The term “match cut” is, out of context, virtually meaningless. There are different kinds of match cuts, and not specifying which type one is referring to will leave Mr. Burke and the rest of us clueless as to what the teacher and the unnamed staff member for Empire mean.
Thinking I was missing something about the term “match cut,” I looked it up on Wikipedia and discovered that the teacher and the Empire staff member might have gotten their misinformation from the entry on that phrase. Its definition of a “match cut” is:
A match cut, also called a graphic match, is a cut in film editing between either two different objects, two different spaces, or two different compositions in which an object in the two shots graphically match, often helping to establish a strong continuity of action and linking the two shots metaphorically.
While the Empire use of “match cut” was only vague, this definition is simply inaccurate. The author goes on to say:
Match cuts form the basis for continuity editing, such as the ubiquitous use of match on action. Continuity editing smoothes over the inherent discontinuity of shot changes to establish a logical coherence between shots. Even within continuity editing, though, the match cut is a contrast both with cross-cutting between actions in two different locations that are occurring simultaneously, and with parallel editing, which draws parallels or contrasts between two different time-space locations.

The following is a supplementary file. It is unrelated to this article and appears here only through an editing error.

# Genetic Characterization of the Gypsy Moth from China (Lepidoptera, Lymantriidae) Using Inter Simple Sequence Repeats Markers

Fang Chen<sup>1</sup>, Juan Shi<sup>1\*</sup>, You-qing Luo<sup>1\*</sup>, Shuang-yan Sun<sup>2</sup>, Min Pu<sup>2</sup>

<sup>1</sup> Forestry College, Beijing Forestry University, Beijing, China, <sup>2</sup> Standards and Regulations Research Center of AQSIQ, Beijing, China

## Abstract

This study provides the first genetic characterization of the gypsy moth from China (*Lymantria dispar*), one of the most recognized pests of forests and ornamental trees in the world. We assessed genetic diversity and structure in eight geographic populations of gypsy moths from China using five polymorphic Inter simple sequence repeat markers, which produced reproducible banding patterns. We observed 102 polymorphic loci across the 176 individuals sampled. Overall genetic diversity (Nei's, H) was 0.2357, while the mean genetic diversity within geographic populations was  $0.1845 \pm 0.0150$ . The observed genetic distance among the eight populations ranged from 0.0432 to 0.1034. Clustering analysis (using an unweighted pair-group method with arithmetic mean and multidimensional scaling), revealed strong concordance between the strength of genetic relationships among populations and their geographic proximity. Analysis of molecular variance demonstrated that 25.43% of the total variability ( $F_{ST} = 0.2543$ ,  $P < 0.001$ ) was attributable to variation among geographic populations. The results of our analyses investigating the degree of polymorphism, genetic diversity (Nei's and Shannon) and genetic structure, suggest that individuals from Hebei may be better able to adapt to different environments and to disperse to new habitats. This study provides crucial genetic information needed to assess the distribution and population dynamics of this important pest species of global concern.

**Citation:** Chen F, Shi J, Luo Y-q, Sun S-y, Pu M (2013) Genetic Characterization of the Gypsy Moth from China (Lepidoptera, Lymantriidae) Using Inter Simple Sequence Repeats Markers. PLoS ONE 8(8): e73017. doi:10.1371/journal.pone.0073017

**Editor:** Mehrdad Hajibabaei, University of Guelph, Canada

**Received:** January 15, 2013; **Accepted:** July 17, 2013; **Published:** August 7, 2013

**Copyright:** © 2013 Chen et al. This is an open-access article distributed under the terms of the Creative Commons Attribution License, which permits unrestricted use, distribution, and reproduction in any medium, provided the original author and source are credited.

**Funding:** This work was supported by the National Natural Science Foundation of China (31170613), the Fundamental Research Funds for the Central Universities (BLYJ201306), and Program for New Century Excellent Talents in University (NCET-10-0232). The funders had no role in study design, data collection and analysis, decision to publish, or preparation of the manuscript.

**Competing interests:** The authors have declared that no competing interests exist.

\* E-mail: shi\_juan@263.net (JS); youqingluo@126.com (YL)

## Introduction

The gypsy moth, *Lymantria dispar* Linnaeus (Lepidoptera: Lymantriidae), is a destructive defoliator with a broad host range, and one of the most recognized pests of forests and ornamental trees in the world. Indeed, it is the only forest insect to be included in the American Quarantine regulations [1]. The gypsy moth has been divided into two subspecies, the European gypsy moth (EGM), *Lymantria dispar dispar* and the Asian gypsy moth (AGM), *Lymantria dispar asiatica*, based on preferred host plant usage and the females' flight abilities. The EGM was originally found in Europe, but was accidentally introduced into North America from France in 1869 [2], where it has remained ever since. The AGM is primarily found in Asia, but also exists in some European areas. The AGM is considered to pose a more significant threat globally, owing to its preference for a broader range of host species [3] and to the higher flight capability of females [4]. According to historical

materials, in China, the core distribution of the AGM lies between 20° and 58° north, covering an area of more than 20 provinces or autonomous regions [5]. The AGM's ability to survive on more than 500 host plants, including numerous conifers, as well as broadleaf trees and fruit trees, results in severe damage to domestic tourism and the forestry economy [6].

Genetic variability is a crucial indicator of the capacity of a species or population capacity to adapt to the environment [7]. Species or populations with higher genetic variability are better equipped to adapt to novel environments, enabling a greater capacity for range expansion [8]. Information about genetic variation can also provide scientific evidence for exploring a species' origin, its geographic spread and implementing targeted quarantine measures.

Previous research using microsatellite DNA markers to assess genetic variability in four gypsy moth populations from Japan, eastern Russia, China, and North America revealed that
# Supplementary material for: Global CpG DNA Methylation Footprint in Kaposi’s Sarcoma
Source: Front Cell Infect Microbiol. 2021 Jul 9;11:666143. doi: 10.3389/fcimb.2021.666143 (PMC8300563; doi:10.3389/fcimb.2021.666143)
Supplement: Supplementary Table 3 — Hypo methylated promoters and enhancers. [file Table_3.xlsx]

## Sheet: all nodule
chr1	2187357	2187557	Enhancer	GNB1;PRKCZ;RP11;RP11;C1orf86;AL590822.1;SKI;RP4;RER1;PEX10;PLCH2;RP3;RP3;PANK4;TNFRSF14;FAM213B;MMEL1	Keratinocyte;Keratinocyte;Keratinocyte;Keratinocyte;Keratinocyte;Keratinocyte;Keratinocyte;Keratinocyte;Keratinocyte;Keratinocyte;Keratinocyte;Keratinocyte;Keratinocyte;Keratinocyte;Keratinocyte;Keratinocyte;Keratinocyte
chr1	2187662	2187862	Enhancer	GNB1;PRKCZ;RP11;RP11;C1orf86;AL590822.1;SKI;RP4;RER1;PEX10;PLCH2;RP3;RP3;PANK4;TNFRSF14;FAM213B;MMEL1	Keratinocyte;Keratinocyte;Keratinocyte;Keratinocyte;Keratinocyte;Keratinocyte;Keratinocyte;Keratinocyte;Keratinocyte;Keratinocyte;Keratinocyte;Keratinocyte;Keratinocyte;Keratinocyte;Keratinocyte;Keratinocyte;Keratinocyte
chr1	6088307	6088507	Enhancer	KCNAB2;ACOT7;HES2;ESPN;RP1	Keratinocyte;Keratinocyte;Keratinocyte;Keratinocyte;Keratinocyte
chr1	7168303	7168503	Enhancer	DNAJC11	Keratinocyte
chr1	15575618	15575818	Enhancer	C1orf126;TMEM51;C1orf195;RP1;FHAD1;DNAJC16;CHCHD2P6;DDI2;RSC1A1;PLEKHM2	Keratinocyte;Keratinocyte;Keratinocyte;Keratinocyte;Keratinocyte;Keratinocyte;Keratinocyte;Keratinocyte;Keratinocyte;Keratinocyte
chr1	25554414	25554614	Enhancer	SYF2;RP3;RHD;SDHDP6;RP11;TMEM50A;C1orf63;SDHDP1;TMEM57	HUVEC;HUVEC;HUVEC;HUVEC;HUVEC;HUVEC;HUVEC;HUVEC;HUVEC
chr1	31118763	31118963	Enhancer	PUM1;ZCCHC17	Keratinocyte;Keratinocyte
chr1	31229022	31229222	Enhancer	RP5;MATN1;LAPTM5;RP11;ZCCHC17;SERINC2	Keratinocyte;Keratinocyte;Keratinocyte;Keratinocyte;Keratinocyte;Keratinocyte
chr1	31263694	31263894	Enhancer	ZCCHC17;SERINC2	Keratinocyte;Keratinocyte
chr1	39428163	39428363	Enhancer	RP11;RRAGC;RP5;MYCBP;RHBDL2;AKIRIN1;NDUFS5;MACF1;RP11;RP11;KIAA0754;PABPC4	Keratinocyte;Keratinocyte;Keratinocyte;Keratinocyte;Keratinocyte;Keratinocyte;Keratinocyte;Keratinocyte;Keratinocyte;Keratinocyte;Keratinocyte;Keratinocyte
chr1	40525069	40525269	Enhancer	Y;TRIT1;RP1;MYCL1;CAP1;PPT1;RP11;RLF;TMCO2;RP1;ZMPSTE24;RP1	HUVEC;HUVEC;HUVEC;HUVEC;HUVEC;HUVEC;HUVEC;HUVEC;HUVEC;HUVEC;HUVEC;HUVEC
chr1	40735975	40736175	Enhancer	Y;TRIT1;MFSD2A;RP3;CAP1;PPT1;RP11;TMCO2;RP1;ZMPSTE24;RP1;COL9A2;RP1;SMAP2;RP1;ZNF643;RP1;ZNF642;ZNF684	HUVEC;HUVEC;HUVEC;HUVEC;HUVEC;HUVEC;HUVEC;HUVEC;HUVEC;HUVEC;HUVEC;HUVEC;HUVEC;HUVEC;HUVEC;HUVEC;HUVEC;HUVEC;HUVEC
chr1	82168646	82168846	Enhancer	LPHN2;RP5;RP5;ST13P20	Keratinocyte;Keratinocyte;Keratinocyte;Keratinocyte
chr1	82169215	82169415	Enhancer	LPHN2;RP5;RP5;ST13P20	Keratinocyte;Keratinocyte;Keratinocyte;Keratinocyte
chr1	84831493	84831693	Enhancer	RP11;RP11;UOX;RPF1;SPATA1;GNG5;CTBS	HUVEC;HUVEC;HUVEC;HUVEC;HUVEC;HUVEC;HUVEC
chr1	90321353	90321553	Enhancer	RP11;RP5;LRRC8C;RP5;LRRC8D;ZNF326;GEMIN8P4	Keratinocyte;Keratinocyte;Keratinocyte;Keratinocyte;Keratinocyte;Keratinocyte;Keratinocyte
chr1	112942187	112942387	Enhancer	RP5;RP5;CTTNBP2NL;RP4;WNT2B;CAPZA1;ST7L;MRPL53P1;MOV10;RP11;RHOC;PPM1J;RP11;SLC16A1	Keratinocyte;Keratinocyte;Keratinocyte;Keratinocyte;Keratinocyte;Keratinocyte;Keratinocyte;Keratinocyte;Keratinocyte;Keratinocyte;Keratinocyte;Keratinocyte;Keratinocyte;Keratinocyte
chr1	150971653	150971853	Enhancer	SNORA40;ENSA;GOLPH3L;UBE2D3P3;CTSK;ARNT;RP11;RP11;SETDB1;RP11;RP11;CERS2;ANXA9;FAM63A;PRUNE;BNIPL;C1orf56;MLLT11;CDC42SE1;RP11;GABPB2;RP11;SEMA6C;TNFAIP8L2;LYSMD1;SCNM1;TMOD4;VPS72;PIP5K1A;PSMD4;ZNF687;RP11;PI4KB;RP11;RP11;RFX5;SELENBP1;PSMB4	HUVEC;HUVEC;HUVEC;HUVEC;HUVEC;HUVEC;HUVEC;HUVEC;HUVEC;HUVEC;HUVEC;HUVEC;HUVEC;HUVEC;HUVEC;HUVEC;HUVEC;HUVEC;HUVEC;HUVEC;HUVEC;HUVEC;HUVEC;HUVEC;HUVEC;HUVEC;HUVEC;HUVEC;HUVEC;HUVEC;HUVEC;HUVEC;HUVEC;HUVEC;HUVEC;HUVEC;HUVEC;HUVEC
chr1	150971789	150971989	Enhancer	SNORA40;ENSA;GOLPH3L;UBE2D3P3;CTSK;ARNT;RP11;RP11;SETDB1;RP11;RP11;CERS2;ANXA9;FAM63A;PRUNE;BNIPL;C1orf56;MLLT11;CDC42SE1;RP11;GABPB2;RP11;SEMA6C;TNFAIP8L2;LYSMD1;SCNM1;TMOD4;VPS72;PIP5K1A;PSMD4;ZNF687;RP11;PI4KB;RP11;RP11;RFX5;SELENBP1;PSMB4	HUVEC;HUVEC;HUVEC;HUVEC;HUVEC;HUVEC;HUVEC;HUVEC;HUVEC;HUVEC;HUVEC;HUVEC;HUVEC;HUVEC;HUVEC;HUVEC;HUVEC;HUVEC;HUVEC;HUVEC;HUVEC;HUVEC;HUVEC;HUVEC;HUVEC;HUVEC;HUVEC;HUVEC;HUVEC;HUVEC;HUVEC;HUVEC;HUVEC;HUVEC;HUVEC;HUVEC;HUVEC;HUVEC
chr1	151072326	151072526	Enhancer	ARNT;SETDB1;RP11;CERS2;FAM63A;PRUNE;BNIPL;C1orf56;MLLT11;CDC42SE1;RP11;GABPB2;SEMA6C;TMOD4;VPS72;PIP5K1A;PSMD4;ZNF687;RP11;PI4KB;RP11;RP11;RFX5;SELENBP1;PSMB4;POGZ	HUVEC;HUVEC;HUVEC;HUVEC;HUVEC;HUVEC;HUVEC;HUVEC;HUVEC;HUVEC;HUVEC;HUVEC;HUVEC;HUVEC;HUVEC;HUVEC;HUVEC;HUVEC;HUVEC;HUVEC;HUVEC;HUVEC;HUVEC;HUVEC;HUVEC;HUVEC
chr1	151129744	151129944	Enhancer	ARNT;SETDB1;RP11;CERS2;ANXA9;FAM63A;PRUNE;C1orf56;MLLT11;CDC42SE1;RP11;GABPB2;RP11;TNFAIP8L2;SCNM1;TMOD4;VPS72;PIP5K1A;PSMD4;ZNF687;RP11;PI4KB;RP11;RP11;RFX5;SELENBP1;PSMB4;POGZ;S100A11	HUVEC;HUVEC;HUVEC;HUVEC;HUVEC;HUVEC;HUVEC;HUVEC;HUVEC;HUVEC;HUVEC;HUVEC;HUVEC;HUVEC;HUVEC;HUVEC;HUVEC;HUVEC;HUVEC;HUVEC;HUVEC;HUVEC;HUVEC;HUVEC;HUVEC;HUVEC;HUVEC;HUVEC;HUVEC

I’ll agree that continuity editing is designed to smooth over the potentially disruptive quality of cuts. Matching anything within a scene is definitely different from cutting from an action in one place to a different action in a different place. But graphic matches are neither synonymous with “match cuts” nor the basis for continuity editing.
I also discovered that the “Further Reading” list at the bottom included two items, one of which was Film Art: An Introduction. One of those good news/bad news situations. The good news is, if you read the book, you will find out what graphic matches, and matches in general, really are. The bad news is, if you don’t, you might blame us for the contents of the Wikipedia entry.
A little detour into history
Most people don’t realize this, but David and I invented the term “graphic match.” As we recall, this happened in 1975. David was teaching a course that involved screening Yasujiro Ozu’s second color film, Ohayu (1959), a wonderful comedy about television, farting, and small talk. We had never seen the film before and were watching a 16mm print of it.
When the two shots below passed before our eyes, we both gasped and lunged for the projector. We ran the film back and watched the cut again. There was no doubt that Ozu had deliberately placed a bright red sweater in the upper left quadrant of the frame in one shot and a bright red lamp in the same basic position in the next shot. We didn’t know what to call this technique, so we dubbed it a “graphic match.” Two years later, when we started writing Film Art: An Introduction, we included the term as one technique of film editing and used Ozu’s match on red as one example. By now “graphic match” has been picked up to the point where we occasionally see it used in print.